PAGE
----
The collaborative comparison to Google Docs is obvious, simply in terms of how it works, with similar indicators for who is looking at what. And Chrome’s whole schtick is its cross-platform utility, synchronizing all your bookmarks, browsing history, passwords, settings, and lots more between devices. This feature is a nearly obvious combination of Googly things, but Apple did it first.
There are Chrome extensions that can plug the gap, but they don’t work quite the same — or, at least, none of the ones I’ve found do. While you can blast your friends with a collection of tabs, there’s no real-time collaboration. You can share your screen through any number of different methods, but that’s not the same either.
The impetus on Apple’s part to create a tool like this is clearly tied to its incredible efforts to integrate all its different platforms together into one massive set of ecosystem-based tools — Continuity, as Apple calls it. To date, it’s just been something I’ve quietly wanted. In the Google and Android camp, there’s an unfortunate disparity of platforms, where customers that opt to use Windows or a Mac as their computing device simply can’t get the same level of platform and feature integration. The Android companion experience is better on a Chromebook, but that’s not a workflow that’s for everyone, and even there, it feels like Google is merely playing catch up. But that’s a limitation that doesn’t apply; Google already has a deep platform advantage to implement a tool like this. Chrome is everywhere, from Apple’s platforms to Microsoft’s, iOS to Android. It’s the most popular browser in the world.
The feature’s announcement during WWDC.
It’s the same sort of collaboration applied to navigating the web, and it could easily be brought back full circle. A feature like this could be integrated into Google Workspace, not for monetization, but for even greater productivity enhancements, plugging into Docs and Drive and Slides to offer added functionality, or even just bolting services into it — Google does love its sidebars.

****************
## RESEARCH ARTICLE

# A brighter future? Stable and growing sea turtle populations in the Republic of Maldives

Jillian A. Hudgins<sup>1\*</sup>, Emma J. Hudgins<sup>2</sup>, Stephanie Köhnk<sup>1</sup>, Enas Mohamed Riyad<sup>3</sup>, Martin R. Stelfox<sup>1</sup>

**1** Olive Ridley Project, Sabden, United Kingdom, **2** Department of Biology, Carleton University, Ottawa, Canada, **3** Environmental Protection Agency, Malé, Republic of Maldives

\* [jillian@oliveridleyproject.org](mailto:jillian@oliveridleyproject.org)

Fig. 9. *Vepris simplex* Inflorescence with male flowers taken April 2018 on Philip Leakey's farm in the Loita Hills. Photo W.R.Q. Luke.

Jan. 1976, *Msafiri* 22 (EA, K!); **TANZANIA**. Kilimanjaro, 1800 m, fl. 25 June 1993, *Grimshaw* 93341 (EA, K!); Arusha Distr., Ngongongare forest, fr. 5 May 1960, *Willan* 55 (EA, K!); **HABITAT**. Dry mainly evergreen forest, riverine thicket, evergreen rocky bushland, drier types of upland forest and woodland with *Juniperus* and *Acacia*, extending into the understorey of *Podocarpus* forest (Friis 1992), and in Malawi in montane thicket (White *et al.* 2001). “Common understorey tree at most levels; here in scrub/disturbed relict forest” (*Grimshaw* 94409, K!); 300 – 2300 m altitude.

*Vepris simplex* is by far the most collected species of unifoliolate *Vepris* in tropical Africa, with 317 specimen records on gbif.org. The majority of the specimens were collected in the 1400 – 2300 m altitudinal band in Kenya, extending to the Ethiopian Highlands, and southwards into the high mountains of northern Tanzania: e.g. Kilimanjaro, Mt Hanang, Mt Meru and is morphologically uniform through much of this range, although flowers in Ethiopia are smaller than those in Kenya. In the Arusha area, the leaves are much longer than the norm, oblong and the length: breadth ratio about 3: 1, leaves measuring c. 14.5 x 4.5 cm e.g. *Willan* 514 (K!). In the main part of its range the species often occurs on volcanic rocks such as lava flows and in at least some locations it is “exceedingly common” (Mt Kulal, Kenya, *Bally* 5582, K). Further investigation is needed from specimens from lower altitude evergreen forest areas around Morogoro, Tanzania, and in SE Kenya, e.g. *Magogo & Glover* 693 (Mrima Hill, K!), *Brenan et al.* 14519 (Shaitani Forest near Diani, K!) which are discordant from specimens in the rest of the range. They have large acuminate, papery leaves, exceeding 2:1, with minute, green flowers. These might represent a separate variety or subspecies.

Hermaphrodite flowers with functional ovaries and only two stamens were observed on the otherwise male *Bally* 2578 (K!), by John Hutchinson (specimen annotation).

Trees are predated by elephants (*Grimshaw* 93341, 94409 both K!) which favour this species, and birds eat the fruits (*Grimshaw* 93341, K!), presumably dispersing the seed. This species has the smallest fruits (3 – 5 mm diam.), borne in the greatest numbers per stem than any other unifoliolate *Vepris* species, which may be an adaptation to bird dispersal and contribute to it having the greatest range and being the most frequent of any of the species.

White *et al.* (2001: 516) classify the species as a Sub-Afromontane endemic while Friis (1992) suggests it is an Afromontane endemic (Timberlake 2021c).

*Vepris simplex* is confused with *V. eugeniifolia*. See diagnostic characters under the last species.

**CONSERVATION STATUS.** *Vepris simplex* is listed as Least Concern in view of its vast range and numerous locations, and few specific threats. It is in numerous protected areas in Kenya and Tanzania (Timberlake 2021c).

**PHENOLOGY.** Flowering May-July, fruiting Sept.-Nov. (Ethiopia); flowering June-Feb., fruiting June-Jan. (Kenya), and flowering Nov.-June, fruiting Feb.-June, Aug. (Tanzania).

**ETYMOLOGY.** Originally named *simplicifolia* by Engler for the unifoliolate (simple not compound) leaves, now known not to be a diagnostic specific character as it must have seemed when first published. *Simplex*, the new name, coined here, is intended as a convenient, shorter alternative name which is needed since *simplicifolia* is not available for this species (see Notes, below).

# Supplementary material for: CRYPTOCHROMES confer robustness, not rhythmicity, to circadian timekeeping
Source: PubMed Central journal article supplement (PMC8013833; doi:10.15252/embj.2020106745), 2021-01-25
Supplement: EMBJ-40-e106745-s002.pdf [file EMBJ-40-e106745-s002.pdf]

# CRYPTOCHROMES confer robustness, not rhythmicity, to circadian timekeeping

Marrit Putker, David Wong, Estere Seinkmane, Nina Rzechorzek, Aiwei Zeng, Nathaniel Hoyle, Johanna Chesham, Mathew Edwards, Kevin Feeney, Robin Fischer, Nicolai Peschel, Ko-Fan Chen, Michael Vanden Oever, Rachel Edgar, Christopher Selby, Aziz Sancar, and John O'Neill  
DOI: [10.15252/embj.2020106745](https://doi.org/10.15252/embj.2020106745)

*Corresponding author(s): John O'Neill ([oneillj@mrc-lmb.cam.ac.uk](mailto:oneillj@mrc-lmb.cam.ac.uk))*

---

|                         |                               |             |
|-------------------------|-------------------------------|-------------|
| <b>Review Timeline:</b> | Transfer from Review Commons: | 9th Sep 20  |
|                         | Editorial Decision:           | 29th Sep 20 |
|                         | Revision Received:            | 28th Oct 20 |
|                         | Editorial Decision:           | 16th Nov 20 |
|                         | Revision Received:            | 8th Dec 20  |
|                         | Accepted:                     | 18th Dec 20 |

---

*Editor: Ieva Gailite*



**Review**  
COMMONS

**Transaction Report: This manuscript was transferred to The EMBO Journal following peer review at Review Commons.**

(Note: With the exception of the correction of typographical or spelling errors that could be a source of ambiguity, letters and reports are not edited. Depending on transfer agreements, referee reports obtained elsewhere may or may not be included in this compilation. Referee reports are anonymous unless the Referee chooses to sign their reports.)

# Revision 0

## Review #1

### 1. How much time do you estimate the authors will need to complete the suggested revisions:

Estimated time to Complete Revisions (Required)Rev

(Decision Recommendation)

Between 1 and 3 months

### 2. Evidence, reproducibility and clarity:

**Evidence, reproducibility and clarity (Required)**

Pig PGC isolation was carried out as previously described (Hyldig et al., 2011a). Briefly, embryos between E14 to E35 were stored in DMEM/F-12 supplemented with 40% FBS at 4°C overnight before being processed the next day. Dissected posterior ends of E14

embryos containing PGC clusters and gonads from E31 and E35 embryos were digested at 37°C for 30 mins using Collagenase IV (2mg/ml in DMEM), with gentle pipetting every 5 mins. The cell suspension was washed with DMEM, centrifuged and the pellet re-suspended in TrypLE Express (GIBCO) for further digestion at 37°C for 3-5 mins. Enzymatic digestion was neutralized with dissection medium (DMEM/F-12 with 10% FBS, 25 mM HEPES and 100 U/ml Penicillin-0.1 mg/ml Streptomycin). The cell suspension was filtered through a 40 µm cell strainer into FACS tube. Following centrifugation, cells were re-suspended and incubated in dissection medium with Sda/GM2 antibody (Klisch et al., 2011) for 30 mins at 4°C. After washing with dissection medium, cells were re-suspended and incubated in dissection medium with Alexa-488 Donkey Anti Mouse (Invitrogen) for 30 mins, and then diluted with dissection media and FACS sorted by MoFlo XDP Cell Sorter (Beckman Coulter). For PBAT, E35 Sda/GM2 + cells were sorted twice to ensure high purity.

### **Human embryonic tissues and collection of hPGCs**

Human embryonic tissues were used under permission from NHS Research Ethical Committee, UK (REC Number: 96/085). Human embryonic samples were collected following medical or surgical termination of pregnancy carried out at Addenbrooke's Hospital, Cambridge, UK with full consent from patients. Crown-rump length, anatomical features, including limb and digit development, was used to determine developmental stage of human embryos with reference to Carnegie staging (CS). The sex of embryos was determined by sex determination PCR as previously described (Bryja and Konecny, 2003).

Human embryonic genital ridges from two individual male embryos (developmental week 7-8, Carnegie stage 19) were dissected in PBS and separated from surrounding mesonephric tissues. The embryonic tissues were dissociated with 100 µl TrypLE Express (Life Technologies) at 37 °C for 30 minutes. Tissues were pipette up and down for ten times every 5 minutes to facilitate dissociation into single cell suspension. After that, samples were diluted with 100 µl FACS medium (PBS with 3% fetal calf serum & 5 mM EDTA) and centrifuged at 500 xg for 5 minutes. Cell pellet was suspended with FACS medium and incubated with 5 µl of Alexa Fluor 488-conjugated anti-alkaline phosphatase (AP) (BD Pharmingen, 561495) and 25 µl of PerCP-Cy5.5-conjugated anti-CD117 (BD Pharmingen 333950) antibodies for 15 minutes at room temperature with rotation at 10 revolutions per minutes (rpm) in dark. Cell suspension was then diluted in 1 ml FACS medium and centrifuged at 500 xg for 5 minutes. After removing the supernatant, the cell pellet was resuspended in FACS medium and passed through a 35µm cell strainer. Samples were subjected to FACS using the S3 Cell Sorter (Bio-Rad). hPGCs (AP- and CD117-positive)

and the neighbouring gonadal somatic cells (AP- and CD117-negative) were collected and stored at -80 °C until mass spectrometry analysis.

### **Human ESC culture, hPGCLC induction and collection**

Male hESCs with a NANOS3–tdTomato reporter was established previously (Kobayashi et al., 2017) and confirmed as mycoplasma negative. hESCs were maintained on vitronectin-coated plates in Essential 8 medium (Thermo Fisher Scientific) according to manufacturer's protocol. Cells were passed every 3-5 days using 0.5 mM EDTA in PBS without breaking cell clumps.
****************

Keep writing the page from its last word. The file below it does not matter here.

I am far from an expert on the subject of PWAs, and I know that certain PWA requirements like local storage are almost guaranteed to impose a challenge for certain applications, but this sort of feature could only be improved by using the web in more powerful and varied ways, as PWAs offer. Again, I’m not a developer, but it seems like an avenue where new utility could be embraced if there’s a way to either deliver the “same” PWA experience to multiple users simultaneously or introduce new tools or APIs that allow for some form of shared PWA experience. It’s also a key way that Google can differentiate here, given how deeply the company has embraced PWAs and how much Apple has done to fight them.
In my business, we sometimes joke about software features, saying “Google did it first, but Apple did it better.” (That’s not always true, but it often is.) Shared Tab Groups is one instance where I think Google could take Apple’s idea and refine it into something really amazing.